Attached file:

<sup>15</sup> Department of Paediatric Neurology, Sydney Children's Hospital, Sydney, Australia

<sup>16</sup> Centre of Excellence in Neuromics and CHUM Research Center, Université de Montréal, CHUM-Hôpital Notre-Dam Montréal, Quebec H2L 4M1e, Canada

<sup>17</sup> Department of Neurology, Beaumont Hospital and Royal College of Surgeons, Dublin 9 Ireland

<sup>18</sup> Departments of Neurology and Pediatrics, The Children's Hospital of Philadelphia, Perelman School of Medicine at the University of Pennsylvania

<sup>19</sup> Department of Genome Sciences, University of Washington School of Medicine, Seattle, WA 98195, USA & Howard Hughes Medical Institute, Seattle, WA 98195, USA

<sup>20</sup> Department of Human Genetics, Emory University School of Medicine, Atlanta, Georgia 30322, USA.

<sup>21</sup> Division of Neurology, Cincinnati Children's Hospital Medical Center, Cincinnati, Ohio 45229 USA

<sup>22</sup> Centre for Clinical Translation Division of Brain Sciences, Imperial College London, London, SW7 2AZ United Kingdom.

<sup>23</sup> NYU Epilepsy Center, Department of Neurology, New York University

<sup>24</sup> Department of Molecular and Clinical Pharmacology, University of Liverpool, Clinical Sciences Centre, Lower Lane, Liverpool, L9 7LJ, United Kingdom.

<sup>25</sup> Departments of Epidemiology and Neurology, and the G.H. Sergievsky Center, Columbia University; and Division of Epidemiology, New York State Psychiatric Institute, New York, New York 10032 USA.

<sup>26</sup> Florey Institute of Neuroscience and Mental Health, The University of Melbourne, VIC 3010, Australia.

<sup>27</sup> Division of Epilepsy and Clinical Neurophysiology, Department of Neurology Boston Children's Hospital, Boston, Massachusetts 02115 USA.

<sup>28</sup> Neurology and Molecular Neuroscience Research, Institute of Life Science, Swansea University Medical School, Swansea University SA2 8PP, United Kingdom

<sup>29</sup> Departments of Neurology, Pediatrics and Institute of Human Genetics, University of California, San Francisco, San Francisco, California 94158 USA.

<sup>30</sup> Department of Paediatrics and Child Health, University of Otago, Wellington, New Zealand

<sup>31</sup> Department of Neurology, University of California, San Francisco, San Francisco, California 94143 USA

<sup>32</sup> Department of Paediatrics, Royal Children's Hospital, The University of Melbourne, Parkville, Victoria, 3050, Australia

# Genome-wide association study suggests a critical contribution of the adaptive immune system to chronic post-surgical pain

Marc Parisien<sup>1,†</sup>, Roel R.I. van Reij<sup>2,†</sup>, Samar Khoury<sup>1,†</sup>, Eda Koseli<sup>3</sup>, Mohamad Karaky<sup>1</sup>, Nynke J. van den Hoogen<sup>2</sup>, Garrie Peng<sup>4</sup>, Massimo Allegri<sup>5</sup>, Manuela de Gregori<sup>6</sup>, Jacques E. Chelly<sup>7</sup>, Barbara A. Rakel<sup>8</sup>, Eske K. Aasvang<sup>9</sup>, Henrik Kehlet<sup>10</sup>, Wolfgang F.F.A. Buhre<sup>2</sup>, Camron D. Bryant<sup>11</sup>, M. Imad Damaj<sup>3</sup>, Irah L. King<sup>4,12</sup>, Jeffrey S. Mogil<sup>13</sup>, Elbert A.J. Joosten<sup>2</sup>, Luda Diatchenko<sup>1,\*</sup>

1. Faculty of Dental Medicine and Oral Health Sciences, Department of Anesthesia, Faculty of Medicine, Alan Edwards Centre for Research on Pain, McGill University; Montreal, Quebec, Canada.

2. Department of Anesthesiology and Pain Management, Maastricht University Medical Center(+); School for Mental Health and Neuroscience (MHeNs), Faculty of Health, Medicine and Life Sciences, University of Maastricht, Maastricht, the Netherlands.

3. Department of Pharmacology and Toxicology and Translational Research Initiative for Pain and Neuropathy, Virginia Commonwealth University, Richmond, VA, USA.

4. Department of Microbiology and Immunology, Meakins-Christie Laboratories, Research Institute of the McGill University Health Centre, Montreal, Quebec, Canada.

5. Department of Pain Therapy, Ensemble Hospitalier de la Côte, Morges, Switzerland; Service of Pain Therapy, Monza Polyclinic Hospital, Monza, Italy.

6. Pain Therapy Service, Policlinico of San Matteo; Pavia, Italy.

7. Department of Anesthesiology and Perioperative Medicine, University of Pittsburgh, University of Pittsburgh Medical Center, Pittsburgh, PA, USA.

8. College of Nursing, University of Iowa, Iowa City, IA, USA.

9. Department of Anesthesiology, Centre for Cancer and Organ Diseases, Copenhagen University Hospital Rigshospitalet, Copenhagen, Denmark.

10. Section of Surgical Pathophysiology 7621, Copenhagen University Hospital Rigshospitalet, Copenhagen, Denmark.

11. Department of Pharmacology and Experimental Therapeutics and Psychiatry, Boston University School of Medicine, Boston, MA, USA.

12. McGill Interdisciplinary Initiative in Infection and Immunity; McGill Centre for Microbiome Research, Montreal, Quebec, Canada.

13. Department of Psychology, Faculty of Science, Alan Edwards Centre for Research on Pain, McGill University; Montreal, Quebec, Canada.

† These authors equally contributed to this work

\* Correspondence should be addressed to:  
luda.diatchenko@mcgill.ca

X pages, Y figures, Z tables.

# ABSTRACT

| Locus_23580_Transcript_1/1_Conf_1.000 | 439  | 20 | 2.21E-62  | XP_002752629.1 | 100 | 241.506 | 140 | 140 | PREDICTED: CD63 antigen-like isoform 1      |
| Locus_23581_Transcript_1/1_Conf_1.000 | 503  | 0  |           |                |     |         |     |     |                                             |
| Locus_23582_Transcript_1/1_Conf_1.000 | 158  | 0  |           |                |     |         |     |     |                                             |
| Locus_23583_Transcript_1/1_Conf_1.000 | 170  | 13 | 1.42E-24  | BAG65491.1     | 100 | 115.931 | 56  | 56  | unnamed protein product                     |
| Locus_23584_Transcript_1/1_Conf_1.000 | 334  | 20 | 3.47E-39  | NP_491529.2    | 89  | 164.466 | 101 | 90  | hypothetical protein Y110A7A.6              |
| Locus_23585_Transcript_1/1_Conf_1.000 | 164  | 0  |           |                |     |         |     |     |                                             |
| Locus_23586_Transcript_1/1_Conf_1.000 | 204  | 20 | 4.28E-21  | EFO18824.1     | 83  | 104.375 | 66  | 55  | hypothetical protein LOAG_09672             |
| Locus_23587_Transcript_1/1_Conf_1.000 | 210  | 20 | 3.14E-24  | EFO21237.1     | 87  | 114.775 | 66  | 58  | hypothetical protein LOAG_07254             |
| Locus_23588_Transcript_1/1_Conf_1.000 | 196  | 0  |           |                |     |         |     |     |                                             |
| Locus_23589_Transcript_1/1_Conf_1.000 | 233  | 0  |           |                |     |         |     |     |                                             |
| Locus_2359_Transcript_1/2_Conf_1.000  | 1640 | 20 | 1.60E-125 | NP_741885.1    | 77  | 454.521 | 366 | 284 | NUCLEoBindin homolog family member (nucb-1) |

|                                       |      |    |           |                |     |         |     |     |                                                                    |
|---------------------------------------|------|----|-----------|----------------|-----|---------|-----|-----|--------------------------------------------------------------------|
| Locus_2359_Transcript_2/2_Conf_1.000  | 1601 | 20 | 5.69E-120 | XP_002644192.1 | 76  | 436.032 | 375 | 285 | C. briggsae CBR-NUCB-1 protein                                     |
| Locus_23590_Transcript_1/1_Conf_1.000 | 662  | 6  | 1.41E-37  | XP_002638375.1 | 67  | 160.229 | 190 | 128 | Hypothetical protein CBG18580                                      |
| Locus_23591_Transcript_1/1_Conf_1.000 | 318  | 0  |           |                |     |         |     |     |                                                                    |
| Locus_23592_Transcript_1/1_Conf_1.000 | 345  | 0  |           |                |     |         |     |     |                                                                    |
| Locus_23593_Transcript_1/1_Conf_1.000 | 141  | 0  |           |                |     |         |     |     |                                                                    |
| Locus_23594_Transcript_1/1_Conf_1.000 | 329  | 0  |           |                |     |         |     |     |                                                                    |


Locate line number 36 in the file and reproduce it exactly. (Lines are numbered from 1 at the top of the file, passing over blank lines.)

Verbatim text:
luda.diatchenko@mcgill.ca